Today’s poetry scene, with journals now mostly online and many hosting video content, values immediacy. Expressivist poems appear urgent, direct, sincere, visceral, approachable, and woke. They’re bone spurs and gut-punches, shivers and fist bumps. Constructivists poems, by contrast, will always have critics who accuse them of being empty, academic, confusing, oblique, or baroque. Constructivist poems can be ponderous, requiring interpretation and repeated readings, though a handful of constructivists have developed enough panache or sprezzatura to avoid this fate. A certain elitism prevails among constructivist poets, since their work, whether harnessing traditional modes or disrupting them, appeals to what Milton called a “fit audience… though few.” They require the reader to pick among the stones they’ve set and wander in the runes, as it were. The reader must construct and deconstruct along with them.

That said, the expressivist poem, so popular currently, faces the dangers of being obvious, too literal, a tad boring, blunt and underwritten, and ultimately little more than dressed-up journalism. Expressivists foreground the author over the work. Thus, expressivists can develop hang-ups about authenticity. An expressivist poet may fall to repeating herself, boxed in by her own voice, the work shrinking to the size of a single viewpoint instead of expanding to encompass the multiplicities of the imagination.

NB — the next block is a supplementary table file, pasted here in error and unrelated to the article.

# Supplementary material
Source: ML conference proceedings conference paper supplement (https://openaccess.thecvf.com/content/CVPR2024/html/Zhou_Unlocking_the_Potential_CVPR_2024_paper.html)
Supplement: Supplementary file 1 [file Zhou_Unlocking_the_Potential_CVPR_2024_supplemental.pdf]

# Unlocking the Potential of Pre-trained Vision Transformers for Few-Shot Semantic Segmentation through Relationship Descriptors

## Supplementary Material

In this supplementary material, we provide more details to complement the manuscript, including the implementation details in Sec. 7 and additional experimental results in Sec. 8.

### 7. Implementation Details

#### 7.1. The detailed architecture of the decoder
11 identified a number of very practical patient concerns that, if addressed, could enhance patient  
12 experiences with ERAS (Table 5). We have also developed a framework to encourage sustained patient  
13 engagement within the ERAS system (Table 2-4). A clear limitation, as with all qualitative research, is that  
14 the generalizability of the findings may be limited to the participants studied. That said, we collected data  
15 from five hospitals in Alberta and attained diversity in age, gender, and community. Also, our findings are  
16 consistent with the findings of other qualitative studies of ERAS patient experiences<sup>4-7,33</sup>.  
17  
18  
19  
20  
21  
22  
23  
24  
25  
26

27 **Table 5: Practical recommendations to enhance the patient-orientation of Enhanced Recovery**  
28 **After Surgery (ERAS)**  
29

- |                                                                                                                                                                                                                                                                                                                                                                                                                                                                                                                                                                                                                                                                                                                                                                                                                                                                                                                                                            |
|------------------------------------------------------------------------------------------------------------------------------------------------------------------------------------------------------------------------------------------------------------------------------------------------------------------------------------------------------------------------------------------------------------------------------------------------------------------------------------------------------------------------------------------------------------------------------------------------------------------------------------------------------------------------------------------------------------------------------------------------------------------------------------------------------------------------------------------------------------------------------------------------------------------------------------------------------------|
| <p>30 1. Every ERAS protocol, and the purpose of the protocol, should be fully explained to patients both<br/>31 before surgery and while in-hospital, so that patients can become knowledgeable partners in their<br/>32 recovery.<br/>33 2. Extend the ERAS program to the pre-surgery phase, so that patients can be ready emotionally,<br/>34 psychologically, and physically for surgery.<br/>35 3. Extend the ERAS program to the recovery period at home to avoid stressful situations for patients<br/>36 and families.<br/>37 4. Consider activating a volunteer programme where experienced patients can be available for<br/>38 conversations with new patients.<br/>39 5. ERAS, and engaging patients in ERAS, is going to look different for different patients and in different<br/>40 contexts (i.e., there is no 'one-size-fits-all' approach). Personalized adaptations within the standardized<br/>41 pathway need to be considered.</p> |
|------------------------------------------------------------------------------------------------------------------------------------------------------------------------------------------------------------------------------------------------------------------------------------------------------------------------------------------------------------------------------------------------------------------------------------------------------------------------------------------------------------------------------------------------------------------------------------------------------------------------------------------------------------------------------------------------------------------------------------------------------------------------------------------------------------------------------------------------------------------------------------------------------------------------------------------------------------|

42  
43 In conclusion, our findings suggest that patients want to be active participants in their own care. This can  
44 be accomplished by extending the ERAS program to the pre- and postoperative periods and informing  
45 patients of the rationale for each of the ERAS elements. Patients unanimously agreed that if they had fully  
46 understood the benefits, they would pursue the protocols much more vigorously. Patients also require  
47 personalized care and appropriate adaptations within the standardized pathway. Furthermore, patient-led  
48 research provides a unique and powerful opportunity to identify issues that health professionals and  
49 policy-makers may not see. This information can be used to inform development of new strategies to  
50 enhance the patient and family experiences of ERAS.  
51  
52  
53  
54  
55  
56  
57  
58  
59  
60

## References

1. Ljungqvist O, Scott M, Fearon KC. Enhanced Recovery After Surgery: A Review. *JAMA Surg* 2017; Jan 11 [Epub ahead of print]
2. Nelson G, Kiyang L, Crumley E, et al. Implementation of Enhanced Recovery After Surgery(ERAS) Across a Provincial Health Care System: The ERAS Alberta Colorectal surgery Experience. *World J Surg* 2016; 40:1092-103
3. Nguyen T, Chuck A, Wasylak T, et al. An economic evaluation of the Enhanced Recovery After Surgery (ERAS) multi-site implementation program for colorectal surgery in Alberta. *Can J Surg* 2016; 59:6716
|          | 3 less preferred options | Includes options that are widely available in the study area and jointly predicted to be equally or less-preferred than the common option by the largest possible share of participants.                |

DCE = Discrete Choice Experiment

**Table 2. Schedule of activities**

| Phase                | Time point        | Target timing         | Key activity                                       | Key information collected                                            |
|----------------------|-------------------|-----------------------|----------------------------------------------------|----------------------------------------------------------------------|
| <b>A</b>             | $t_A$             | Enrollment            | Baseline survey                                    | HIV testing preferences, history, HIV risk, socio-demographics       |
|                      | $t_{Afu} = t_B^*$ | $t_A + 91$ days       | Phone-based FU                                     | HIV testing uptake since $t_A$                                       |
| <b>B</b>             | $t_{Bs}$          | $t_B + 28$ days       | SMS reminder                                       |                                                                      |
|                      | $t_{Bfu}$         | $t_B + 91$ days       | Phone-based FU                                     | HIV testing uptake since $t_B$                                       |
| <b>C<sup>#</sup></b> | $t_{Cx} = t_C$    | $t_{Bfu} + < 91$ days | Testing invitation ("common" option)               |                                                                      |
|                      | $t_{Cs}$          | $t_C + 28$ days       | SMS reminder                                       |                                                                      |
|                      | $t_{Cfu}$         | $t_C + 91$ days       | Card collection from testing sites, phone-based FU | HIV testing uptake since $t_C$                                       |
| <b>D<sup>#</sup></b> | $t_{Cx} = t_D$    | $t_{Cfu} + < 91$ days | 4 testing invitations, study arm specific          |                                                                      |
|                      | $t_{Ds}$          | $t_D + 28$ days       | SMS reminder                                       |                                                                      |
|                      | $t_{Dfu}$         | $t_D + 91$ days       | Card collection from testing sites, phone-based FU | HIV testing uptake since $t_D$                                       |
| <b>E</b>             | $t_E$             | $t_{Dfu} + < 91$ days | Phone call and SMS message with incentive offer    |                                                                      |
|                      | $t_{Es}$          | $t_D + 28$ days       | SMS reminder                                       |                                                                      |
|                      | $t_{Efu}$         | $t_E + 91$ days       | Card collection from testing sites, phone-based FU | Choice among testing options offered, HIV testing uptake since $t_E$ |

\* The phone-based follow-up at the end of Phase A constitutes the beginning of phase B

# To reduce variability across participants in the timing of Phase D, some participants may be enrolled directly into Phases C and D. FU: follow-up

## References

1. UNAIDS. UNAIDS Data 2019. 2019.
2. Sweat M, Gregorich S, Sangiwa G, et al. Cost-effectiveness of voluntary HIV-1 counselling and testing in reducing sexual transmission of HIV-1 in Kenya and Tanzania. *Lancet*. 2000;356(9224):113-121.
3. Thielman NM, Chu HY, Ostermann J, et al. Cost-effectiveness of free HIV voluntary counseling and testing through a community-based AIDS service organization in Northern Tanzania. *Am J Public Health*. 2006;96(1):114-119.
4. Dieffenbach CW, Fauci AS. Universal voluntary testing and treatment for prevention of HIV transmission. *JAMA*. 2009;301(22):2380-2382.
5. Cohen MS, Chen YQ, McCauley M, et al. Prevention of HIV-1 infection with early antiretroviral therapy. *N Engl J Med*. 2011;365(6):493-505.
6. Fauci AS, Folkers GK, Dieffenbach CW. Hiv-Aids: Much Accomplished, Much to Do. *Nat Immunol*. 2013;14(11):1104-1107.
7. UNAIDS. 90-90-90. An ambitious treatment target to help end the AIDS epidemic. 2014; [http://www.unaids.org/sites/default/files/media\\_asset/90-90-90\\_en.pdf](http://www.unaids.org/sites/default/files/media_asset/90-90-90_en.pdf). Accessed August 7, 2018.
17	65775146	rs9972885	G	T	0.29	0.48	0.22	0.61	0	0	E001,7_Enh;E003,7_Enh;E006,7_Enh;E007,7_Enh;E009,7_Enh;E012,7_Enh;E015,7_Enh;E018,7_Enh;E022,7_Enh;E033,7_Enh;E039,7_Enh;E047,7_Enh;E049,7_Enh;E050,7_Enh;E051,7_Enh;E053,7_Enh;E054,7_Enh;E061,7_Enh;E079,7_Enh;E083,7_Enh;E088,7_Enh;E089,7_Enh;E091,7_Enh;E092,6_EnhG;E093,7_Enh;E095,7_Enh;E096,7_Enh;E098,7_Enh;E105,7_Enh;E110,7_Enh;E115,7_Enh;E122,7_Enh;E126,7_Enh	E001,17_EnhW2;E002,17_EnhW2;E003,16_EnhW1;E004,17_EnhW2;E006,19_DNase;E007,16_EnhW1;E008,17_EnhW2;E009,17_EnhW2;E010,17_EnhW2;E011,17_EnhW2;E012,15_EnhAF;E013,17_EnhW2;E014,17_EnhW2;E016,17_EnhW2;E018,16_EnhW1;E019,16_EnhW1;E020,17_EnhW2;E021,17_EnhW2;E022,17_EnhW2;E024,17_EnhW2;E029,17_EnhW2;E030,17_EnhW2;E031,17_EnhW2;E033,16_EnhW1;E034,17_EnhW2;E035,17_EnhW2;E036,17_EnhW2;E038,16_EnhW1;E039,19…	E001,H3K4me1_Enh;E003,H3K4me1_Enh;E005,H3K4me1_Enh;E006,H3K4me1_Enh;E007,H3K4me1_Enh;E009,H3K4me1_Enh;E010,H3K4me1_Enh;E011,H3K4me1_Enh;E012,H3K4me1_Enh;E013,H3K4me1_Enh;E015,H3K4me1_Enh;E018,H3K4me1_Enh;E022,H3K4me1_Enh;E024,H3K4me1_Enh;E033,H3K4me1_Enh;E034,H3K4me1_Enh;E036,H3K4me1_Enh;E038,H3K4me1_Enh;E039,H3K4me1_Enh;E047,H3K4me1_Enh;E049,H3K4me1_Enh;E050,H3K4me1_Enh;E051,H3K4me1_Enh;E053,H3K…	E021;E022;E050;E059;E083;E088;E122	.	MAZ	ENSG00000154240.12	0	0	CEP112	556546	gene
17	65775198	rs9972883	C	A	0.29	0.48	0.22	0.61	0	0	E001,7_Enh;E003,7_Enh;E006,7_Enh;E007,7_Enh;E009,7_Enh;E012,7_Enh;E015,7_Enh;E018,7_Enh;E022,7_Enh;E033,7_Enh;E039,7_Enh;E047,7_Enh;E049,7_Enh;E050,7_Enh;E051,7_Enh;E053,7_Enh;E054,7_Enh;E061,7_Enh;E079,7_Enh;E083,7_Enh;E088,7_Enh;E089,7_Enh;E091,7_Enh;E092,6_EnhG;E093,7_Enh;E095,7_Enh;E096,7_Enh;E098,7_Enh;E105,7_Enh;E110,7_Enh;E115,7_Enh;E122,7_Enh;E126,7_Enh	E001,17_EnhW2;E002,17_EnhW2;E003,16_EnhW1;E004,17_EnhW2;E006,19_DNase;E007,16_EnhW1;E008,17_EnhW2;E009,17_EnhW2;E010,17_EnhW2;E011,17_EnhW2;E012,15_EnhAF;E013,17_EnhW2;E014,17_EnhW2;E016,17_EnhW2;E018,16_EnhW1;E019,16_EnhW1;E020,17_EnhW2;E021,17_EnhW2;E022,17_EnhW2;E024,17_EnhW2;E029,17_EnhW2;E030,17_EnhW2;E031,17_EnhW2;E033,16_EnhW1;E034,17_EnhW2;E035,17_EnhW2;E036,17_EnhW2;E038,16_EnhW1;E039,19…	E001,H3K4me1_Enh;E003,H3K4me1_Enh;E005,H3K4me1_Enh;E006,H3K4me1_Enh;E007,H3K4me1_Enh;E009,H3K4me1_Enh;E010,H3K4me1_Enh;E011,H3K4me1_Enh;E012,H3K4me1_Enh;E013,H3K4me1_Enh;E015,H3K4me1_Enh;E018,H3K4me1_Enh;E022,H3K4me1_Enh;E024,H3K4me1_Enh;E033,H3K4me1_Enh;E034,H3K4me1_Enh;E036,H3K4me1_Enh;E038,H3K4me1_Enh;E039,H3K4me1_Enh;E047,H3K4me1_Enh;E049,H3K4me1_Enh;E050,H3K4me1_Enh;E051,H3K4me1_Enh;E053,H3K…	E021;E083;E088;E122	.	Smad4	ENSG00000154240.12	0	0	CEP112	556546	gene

The trend toward expressivists might, of course, result from a political climate in which readers are spoiling for poems that give voice to their anger and disorientation, as well as greater institutional awareness and efforts to expand the variety of perspectives represented at all levels of publication. Also, poems that spill their guts might rise to the top of slush piles: blood floats on ink. Busy editors sometimes just don’t have time to re-read and interpret delicate, challenging, or more subtly structured work before casting it aside in today’s clamorous marketplace.

A counterargument to my own analysis above, however, is the state of creative nonfiction (CNF) today. CNF has been trending more constructivist lately. The heyday of the echt memoir was the 90s and early 2000s—think Mary Karr, Frank McCourt, James Frey. As opposed to straight narrative, today’s CNF is lyrical, collaged, broken, braided, collated, curated, speculative, or anagogical: it emphasizes its structure and shifting registers and embedded texts; it’s by turns hermetic and punchy, colloquial and precious, erudite and rude. Given this newfound stress on form, and the play that form affords, essays are increasingly like poems—at least, poems with a constructivist bent—and it’s no accident that many of our major essayists are bona fide poets: Maggie Nelson, Ander Monson, Anne Carson, John D’Agata, Kevin Young, Lia Purpura, Nick Flynn, and Claudia Rankine, to name just a few.